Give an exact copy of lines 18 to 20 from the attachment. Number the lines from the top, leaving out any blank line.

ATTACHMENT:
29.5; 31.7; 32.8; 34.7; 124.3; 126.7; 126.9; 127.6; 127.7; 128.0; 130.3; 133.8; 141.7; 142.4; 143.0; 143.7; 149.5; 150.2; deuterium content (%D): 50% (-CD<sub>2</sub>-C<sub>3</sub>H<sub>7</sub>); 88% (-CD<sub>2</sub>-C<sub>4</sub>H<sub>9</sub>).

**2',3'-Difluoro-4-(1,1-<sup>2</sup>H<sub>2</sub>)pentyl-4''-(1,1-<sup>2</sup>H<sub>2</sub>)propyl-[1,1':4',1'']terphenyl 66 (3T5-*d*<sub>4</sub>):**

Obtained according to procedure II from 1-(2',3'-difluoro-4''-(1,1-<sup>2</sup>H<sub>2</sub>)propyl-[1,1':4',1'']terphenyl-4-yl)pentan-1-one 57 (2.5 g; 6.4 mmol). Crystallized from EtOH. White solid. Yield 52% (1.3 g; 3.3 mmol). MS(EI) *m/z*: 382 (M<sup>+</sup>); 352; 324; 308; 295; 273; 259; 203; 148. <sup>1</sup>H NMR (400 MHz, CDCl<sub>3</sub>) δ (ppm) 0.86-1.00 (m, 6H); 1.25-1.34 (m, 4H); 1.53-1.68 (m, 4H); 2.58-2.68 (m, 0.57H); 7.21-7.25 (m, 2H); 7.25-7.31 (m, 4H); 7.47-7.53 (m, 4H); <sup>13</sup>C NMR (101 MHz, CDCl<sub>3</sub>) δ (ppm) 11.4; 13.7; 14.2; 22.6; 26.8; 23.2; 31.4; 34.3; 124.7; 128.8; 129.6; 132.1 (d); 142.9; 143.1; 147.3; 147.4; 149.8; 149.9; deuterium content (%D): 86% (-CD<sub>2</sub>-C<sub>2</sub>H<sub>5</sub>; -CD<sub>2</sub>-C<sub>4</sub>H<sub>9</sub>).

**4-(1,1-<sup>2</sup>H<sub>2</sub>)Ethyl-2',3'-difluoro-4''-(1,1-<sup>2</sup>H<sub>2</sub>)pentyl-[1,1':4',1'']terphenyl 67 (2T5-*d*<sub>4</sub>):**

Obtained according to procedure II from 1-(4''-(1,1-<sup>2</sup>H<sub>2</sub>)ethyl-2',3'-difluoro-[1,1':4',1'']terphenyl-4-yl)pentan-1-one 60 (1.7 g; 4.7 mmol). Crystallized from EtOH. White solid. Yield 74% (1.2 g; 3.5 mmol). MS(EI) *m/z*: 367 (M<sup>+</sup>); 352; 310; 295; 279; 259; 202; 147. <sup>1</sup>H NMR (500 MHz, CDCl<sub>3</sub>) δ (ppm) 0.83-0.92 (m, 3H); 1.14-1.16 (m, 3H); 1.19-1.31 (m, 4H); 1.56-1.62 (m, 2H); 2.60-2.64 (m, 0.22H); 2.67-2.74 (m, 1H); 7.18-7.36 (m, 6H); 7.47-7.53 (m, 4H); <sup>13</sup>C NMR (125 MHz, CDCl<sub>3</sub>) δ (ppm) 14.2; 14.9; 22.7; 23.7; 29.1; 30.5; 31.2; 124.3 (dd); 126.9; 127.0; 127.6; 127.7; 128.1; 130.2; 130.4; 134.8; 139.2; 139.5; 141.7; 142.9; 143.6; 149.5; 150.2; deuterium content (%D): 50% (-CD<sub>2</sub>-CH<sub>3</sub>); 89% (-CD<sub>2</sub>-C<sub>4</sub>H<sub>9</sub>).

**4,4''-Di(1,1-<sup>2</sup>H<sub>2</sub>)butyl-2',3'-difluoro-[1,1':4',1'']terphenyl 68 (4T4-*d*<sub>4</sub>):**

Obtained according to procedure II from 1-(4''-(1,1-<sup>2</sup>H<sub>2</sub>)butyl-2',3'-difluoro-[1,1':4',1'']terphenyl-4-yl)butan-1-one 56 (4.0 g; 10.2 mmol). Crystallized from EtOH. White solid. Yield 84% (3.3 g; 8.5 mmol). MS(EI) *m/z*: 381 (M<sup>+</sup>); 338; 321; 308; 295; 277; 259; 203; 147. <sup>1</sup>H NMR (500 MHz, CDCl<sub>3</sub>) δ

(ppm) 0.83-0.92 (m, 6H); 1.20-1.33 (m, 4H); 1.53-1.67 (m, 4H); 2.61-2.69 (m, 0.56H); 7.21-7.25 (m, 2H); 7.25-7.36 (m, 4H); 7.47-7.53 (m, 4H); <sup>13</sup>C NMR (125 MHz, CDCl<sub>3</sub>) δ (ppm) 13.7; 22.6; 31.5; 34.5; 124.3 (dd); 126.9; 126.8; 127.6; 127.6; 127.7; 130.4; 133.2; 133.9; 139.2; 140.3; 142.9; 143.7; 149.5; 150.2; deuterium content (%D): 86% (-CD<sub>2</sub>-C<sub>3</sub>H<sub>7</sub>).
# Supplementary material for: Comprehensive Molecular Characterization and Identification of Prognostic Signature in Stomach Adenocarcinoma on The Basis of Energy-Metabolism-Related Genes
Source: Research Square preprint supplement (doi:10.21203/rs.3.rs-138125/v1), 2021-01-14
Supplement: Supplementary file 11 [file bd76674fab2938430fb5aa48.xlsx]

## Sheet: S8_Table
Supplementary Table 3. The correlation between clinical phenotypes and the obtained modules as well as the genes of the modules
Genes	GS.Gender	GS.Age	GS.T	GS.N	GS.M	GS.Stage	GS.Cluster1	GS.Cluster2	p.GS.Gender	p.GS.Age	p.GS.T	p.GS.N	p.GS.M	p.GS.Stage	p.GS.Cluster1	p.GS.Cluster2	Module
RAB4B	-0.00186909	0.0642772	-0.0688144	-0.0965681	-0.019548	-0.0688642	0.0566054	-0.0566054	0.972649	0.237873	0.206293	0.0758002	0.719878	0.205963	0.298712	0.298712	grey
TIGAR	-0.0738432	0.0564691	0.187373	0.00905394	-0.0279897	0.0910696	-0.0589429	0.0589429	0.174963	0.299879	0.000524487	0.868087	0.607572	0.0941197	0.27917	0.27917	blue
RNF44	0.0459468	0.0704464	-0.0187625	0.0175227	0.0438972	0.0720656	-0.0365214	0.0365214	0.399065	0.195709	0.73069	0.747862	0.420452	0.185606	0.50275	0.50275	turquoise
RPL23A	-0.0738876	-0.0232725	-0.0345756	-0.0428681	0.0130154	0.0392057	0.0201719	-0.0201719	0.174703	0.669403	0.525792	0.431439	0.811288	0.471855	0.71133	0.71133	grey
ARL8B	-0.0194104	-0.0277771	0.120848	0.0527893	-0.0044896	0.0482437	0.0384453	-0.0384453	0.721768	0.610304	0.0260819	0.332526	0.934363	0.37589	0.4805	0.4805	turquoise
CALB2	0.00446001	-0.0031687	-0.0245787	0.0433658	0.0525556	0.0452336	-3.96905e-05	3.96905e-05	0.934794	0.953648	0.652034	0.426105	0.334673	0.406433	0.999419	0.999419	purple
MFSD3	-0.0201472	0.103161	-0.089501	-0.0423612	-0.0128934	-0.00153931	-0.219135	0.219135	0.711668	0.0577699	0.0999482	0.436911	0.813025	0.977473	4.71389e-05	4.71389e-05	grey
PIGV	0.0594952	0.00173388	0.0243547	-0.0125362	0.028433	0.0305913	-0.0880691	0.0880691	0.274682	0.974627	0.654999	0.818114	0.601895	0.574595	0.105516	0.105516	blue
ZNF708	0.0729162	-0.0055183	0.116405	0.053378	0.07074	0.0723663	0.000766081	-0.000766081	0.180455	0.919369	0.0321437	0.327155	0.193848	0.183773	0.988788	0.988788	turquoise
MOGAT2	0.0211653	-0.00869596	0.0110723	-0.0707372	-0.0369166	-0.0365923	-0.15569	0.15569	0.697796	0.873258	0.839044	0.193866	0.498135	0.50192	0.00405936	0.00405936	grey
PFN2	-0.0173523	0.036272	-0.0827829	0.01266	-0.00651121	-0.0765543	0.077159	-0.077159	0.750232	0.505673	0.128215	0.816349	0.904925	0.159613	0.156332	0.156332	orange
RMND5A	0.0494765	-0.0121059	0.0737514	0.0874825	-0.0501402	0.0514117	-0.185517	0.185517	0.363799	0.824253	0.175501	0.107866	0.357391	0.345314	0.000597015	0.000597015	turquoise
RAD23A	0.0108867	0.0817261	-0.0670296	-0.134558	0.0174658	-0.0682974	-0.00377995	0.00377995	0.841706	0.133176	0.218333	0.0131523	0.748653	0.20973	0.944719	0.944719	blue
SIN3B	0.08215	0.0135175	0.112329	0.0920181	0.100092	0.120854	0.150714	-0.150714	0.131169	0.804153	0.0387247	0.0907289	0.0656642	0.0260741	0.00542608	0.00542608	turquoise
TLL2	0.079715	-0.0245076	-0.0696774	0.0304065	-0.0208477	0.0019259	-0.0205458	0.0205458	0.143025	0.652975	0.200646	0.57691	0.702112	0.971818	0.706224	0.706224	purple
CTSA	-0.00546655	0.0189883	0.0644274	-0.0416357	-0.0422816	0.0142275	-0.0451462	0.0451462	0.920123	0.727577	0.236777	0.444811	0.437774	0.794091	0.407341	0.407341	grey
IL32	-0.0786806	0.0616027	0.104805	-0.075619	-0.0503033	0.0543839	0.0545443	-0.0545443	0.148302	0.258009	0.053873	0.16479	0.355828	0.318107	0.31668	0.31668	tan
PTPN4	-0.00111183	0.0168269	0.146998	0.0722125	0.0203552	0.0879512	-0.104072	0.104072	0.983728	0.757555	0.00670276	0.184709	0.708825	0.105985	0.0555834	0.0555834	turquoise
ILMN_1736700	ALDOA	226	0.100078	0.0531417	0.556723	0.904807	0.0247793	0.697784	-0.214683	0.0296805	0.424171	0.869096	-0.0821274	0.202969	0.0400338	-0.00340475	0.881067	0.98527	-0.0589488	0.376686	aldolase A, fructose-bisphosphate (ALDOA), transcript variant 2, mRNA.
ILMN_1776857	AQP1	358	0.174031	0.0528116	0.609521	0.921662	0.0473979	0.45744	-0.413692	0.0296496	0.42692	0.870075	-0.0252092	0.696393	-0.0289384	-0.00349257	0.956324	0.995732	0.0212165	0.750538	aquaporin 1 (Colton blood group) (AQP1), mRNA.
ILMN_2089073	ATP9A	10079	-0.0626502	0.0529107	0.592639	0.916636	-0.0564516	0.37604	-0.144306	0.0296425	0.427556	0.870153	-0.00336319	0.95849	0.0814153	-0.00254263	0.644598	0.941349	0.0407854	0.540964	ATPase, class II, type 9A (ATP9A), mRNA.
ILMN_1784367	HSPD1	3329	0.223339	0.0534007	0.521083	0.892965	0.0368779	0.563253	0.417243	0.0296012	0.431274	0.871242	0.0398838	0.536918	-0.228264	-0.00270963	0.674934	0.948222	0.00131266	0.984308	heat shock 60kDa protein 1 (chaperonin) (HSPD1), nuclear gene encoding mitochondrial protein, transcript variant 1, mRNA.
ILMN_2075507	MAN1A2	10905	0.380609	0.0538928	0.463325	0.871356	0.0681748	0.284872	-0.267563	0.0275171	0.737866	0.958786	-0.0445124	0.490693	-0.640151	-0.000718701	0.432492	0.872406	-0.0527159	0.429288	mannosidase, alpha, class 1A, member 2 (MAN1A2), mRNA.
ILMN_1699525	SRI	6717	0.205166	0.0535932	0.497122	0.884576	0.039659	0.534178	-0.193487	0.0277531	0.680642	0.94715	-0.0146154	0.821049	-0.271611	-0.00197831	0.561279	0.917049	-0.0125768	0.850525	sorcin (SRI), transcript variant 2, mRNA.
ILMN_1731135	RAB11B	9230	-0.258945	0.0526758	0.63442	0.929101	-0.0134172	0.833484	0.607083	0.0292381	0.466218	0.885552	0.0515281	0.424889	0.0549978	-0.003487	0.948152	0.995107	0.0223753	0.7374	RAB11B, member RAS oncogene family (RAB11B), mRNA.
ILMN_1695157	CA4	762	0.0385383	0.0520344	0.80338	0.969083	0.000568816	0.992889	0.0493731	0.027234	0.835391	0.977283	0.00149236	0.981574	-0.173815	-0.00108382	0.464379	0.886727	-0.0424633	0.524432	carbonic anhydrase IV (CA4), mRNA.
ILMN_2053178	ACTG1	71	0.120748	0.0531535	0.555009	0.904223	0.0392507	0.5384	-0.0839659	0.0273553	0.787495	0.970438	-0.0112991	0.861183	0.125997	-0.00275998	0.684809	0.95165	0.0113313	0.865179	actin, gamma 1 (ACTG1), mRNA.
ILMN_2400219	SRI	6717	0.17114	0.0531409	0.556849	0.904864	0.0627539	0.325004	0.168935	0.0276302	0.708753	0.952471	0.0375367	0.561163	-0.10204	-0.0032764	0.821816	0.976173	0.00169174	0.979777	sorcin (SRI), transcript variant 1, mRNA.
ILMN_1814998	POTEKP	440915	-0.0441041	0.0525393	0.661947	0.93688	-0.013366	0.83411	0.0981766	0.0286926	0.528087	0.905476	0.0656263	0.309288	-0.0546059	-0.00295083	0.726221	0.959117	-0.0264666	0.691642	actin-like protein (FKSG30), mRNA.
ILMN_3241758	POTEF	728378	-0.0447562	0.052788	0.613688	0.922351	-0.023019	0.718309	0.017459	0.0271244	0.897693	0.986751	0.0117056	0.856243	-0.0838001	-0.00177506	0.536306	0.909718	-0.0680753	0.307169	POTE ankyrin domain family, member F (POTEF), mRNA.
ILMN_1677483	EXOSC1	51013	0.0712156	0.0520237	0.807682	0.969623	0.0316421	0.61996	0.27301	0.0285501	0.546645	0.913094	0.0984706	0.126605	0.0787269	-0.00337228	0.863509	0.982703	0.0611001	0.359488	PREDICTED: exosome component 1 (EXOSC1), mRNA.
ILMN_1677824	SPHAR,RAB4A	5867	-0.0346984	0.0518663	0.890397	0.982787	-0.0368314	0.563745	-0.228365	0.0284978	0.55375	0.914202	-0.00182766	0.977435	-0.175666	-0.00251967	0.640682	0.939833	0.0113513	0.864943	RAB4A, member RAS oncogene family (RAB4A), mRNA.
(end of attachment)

RPL23A	-0.0738876	-0.0232725	-0.0345756	-0.0428681	0.0130154	0.0392057	0.0201719	-0.0201719	0.174703	0.669403	0.525792	0.431439	0.811288	0.471855	0.71133	0.71133	grey
ARL8B	-0.0194104	-0.0277771	0.120848	0.0527893	-0.0044896	0.0482437	0.0384453	-0.0384453	0.721768	0.610304	0.0260819	0.332526	0.934363	0.37589	0.4805	0.4805	turquoise
CALB2	0.00446001	-0.0031687	-0.0245787	0.0433658	0.0525556	0.0452336	-3.96905e-05	3.96905e-05	0.934794	0.953648	0.652034	0.426105	0.334673	0.406433	0.999419	0.999419	purple